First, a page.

(1.) The regard which God has to his people, v. 18, 19. God beholds all the sons of men with an eye of observation, but his eye of favour and complacency is upon those that fear him. He looks upon them with delight, as the father on his children, as the bridegroom on his spouse, Isa. 62:5. While those that depend on arms and armies, on chariots and horses, perish in the disappointment of their expectations, Godís people, under his protection, are safe, for he shall deliver their soul from death when there seems to be but a step between them and it. If he do not deliver the body from temporal death, yet he will deliver the soul from spiritual and eternal death. Their souls, whatever happens, shall live and praise him, either in this world or in a better. From his bounty they shall be supplied with all necessaries. he shall keep them alive in famine; when others die for want, they shall live, which shall make it a distinguishing mercy. When visible means fail, God will find out some way or other to supply them. He does not say that he will give them abundance (they have no reason either to desire it or to expect it), but he will keep them alive; they shall not starve; and, when destroying judgments are abroad, it ought to be reckoned a great favour, for it is a very striking one, and lays us under peculiar obligations, to have our lives given us for a prey. Those that have the Lord for their God shall find him their help and their shield, v. 20. In their difficulties he will assist them; they shall be helped over them, helped through them. In their dangers he will secure them; they shall be helped over them, helped through them. In their dangers he will secure them, so that they shall not receive any real damage.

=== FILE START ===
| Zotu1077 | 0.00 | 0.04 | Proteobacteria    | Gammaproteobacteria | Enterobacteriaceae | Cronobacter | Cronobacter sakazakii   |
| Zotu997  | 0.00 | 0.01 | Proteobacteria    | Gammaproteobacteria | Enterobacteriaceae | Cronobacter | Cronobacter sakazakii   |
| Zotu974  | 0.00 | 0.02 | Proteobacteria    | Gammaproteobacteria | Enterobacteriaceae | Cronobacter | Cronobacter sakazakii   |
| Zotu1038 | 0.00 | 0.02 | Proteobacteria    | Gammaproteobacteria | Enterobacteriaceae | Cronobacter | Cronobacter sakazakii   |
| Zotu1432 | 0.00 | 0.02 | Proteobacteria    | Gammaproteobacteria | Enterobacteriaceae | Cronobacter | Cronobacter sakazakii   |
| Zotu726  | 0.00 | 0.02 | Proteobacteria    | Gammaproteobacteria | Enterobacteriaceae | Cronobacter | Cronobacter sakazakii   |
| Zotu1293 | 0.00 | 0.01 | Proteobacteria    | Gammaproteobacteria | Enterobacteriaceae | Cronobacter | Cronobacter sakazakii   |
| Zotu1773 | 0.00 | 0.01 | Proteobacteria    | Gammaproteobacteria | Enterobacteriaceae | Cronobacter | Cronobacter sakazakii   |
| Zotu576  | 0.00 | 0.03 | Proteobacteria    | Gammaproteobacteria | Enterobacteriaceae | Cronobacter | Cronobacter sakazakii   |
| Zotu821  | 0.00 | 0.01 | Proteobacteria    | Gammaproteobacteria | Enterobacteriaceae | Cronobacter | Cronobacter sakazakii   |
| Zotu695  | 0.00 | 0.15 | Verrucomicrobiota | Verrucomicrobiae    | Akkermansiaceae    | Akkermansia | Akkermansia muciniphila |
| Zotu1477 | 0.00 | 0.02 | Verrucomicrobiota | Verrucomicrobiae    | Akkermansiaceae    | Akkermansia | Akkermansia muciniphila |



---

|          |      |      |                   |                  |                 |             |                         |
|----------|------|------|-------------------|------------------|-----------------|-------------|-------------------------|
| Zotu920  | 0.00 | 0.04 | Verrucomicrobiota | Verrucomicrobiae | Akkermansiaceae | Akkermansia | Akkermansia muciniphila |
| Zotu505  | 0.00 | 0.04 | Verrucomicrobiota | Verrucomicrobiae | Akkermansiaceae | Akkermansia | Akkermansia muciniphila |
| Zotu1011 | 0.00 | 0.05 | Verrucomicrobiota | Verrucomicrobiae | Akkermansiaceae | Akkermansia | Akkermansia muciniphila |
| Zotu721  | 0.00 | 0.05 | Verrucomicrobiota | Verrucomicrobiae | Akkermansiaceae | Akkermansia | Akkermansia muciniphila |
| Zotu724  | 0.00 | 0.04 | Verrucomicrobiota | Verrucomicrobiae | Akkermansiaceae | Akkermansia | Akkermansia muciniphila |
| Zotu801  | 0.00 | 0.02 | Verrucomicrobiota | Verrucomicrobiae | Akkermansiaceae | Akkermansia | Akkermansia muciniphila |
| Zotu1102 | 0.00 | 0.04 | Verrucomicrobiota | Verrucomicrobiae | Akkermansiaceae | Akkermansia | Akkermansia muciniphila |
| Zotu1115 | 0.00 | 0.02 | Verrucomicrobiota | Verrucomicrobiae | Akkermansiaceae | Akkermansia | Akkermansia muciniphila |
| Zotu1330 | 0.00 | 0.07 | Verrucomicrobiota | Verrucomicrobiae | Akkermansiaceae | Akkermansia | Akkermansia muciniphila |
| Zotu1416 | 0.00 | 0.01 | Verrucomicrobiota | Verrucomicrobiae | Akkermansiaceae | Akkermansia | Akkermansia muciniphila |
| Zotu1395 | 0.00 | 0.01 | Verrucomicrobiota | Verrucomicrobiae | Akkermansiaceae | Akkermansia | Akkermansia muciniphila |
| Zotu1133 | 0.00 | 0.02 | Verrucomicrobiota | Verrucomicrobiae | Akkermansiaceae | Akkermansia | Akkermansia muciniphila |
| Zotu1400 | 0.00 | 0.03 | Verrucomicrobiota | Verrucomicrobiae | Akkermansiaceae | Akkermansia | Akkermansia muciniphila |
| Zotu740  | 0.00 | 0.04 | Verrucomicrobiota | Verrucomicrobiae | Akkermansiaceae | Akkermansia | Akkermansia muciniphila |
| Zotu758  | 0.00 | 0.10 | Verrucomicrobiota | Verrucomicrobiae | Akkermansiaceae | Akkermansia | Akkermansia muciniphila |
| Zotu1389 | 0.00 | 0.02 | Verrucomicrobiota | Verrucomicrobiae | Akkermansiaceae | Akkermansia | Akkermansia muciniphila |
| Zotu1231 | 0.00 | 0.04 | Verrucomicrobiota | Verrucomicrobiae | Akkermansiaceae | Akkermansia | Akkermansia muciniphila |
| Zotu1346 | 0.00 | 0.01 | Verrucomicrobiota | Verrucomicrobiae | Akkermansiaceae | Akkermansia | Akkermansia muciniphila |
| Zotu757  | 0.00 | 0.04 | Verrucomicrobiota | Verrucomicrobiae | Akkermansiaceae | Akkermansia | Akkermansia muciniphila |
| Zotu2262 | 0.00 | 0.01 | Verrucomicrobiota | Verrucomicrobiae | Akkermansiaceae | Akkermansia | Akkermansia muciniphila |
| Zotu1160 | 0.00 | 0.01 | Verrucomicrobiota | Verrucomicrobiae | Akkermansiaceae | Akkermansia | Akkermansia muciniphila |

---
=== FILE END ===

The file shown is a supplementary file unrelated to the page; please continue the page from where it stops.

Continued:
(2.) The regard which Godís people have to him and which we ought to have in consideration of this.
[1.] We must wait for God. We must attend the motions of his providence, and accommodate ourselves to them, and patiently accommodate ourselves to them, and patiently expect the issue of them. Our souls must wait for him, v. 20. We must not only in word and tongue profess a believing regard to God, but it must be inward and sincere, a secret and silent attendance on him.
[2.] We must rely on God, hope in his mercy, in the goodness of his nature, though we have not an express promise to depend upon. Those that fear God and his wrath must hope in God and his mercy; for there is no flying from God, but by flying to him. These pious dispositions will not only consist together, but befriend each other, a holy fear of God and yet at the same time a hope in his mercy. This is trusting in his holy name (v. 21), in all that whereby he has made known himself to us, for our encouragement to serve him.
[3.] We must rejoice in God, v. 21. Those do not truly rest in God, or do not know the unspeakable advantage they have by so doing, who do not rejoice in him at all times; because those that hope in God hope for an eternal fulness of joy in his presence.
[4.] We must seek to him for that mercy which we hope in, v. 22. Our expectations from God are not to supersede, but to quicken and encourage, our applications to him; he will be sought unto for that which he has promised, and therefore the psalm concludes with a short but comprehensive prayer, "Let thy mercy, O Lord! be upon us; let us always have the comfort and benefit of it, not according as we merit from thee, but according as we hope in thee, that is, according to the promise which thou hast in thy word given to us and according to the faith which thou hast by thy Spirit and grace wrought in us.íí If, in singing these verses, we put forth a dependence upon God, and let out our desires towards him, we make melody with our hearts to the Lord.